If you are struggling to write a paragraph, then try a mind map or a brain dump, where you literally just write single words or single paragraph of whatever comes into your mind first.

The same can be done with art. If you are struggling, then just doodle for a while and you may find images flood into your head quickly and consistently. You then need to decide on a routine for journaling. You need to make it a priority if you want to use it as a therapeutic tool.

Consistency is key. You can write, daily, weekly or monthly but the most important part is you keep it up. Set time aside in your schedule specifically for journaling. Don’t worry if you are short of time, you don’t need to write or draw a lot each time. A few sentences or a quick sketch will do. Something is better than nothing.

Find a quiet time away from distractions so your flow isn’t interrupted.  Time alone is also great for recharging, even if it is only for a short time.Most of all just try and learn and grow from the experience. Ultimately it should be a positive activity then helps you sort through your muddled brain and helps you find clarity.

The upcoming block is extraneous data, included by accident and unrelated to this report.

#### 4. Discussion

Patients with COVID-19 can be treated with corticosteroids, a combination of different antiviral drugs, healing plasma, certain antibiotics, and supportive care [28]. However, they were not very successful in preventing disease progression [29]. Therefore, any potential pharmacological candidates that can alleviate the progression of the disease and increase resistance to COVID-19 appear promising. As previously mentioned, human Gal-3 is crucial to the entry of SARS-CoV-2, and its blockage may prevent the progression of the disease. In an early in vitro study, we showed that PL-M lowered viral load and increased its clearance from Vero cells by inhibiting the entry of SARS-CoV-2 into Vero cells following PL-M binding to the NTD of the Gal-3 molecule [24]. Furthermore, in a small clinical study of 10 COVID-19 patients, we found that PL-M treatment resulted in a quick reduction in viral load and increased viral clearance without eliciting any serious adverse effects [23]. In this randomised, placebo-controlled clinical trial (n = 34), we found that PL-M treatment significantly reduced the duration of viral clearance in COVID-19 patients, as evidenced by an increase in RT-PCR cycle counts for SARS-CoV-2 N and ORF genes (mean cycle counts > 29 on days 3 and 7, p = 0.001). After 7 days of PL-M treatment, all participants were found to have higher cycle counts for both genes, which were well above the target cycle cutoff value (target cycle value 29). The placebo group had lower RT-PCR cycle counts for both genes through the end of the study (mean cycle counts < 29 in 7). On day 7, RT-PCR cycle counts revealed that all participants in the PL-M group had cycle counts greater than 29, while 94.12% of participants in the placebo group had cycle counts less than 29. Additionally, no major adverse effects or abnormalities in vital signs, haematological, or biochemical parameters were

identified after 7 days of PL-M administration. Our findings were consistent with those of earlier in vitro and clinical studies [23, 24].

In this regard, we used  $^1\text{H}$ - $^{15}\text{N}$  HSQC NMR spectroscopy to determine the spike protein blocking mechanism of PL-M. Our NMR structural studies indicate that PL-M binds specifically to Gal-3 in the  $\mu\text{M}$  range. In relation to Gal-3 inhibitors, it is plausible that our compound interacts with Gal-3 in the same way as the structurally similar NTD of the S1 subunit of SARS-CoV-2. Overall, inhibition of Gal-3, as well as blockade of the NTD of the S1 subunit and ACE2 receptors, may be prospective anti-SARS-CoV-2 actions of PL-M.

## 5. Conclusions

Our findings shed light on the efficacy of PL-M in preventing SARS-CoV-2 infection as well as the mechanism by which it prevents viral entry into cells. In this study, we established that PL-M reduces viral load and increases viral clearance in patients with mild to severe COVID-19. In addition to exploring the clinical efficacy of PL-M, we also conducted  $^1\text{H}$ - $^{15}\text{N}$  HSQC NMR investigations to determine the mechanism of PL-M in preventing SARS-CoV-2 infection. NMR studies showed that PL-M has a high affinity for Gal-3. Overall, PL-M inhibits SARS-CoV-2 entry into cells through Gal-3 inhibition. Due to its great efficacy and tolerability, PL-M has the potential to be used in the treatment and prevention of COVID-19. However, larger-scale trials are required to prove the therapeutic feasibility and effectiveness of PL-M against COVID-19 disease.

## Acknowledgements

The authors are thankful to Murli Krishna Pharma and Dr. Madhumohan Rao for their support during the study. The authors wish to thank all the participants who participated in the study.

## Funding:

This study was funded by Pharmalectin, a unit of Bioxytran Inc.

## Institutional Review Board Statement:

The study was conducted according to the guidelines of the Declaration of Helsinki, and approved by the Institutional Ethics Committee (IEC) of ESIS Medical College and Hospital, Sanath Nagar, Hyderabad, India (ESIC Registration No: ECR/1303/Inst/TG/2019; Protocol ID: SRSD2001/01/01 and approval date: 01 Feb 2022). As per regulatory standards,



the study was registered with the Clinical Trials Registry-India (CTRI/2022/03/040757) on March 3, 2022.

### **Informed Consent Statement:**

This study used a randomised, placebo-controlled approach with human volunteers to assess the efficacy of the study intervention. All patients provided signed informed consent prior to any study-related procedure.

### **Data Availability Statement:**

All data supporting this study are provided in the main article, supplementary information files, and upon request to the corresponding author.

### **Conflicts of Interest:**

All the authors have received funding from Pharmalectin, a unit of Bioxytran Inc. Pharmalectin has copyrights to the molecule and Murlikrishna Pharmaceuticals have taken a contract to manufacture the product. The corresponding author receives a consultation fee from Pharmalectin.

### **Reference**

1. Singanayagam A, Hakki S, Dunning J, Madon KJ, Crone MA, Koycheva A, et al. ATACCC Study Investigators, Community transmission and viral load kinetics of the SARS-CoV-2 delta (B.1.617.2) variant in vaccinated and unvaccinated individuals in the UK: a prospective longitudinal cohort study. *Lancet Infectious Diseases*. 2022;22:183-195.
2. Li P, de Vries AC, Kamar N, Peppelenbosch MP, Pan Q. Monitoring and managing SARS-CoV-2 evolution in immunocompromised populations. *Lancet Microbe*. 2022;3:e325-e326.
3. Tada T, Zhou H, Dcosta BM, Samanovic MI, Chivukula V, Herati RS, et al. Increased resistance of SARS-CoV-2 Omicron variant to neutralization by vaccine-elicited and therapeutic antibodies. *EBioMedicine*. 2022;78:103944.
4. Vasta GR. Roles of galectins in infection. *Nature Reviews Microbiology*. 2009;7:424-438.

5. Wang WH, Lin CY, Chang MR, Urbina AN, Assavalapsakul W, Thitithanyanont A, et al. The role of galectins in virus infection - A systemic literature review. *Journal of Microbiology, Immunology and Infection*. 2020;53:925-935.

You should start to see some life changing results within a few months, if not a few weeks of journaling. Free your emotions and start to heal from within. It will also give you a record to look back on in years to come and you will see how far you have come and you will see how you have changed.

Find out more: Here are some great books for unleashing creativity and using journaling as a mental health tool. There is also one that may help you to understand yourself better if you are a highly sensitive person and you think this contributes to your depression:

Doreen Virtue: The Courage to be Creative
Katie Dalebout: Let It Out: A Journey Through Journaling
Heidi Sawyer: Highly Sensitive People
Elizabeth Gilbert: Big Magic

Natalie Roberts is a Freelance Writer, Author & Blogger. She specialises in health and social care and wellbeing writing. Natalie also journals through depression daily.